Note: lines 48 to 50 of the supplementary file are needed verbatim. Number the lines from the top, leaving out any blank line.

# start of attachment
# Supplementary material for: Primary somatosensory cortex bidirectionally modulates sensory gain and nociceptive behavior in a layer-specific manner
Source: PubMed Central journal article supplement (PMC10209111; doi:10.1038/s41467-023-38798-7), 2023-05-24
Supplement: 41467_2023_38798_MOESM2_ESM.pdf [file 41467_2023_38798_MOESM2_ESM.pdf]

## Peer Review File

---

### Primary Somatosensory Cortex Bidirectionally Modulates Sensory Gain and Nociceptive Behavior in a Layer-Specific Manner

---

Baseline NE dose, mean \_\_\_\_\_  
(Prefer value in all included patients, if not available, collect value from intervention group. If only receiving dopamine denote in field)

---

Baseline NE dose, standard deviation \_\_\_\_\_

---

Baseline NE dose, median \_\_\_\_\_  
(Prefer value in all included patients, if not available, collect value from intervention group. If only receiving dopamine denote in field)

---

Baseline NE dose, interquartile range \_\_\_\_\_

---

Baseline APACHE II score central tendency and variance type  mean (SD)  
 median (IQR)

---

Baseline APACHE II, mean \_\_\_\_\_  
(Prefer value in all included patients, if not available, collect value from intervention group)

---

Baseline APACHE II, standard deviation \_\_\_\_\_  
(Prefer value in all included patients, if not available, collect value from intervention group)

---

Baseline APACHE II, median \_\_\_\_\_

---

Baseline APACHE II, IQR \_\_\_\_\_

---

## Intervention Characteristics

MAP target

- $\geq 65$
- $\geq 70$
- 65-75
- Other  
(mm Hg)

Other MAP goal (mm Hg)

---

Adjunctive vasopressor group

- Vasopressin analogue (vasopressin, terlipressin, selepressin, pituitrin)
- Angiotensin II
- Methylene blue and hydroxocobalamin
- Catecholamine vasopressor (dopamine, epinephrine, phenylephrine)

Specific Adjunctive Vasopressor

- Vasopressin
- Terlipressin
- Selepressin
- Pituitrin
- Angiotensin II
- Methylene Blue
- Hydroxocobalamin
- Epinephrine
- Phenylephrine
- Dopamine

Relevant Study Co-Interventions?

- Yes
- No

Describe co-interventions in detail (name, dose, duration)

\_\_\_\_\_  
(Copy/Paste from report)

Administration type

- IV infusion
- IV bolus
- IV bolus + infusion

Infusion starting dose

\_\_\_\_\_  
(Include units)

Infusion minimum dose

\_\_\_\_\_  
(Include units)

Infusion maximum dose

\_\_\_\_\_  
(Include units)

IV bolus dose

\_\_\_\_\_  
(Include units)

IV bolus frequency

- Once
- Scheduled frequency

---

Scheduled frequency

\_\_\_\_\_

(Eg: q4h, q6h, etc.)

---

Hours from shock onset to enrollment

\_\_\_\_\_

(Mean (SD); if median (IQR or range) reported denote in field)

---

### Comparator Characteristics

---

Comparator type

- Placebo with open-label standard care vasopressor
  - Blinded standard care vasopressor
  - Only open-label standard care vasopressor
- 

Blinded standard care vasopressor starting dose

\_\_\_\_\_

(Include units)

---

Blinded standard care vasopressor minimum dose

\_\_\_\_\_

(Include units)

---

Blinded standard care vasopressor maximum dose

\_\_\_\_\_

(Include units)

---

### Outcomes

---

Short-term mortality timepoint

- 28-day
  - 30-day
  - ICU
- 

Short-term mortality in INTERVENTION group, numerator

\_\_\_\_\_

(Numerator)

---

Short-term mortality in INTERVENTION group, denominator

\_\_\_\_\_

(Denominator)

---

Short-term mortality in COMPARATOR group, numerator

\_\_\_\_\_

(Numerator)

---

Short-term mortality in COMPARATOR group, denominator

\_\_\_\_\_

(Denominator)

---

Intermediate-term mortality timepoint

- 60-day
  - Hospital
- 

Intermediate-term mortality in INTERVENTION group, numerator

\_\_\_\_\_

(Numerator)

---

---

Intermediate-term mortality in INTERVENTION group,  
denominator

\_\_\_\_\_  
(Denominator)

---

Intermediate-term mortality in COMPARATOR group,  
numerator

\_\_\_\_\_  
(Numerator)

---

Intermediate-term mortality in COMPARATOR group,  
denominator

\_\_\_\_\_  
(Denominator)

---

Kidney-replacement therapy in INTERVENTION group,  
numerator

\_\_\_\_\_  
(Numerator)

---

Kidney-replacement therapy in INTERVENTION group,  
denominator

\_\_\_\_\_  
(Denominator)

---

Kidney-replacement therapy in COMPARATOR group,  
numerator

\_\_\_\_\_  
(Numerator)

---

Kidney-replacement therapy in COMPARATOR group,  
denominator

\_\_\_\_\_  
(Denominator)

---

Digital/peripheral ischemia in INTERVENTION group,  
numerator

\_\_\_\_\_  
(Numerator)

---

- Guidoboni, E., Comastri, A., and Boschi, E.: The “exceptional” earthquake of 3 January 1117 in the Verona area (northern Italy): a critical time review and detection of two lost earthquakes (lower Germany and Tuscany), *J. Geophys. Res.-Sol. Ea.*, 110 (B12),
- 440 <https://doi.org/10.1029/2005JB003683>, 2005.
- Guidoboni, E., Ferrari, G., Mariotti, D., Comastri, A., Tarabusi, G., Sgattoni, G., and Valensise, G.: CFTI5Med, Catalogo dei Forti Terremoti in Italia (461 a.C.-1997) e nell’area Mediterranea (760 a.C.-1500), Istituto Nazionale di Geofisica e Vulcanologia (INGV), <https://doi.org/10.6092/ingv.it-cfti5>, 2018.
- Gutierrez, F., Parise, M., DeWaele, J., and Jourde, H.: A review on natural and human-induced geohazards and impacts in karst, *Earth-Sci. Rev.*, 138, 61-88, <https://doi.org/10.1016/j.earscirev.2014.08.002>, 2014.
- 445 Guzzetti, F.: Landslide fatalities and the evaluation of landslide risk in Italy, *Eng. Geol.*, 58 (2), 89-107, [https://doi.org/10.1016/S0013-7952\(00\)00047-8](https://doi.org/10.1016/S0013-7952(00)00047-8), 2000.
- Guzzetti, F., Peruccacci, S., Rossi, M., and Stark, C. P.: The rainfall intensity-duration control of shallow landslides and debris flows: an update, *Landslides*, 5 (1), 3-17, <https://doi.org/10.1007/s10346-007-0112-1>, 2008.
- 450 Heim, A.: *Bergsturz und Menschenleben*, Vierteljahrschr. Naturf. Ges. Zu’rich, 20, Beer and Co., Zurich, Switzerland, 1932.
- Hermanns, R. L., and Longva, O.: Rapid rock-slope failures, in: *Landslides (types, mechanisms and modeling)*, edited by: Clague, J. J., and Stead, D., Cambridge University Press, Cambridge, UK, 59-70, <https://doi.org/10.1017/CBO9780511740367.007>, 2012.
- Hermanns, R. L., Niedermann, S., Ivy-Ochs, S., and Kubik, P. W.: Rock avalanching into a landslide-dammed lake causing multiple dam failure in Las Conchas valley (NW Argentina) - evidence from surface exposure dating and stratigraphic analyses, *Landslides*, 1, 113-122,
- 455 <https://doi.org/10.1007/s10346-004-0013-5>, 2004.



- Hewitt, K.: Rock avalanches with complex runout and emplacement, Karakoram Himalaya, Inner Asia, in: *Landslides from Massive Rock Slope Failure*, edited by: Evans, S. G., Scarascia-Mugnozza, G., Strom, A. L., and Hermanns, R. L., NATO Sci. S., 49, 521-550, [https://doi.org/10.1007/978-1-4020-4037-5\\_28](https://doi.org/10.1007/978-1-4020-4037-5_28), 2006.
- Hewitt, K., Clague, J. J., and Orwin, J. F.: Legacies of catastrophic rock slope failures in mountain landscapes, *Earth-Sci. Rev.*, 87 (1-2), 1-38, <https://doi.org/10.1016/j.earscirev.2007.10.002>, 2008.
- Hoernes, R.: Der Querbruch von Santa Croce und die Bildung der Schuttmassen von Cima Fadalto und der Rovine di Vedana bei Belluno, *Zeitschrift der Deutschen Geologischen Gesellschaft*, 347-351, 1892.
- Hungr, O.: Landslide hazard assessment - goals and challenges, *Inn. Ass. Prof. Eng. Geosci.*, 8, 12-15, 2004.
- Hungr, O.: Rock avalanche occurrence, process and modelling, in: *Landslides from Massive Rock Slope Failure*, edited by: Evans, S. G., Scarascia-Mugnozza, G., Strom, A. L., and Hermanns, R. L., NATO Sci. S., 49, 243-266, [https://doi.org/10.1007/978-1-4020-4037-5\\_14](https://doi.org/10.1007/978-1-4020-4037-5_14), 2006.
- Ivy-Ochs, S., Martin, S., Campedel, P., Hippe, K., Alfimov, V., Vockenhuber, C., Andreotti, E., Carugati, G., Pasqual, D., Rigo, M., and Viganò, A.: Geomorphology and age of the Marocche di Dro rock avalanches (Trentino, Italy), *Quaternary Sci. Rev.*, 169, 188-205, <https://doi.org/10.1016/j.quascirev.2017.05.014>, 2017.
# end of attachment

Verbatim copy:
- Selepressin
- Pituitrin
- Angiotensin II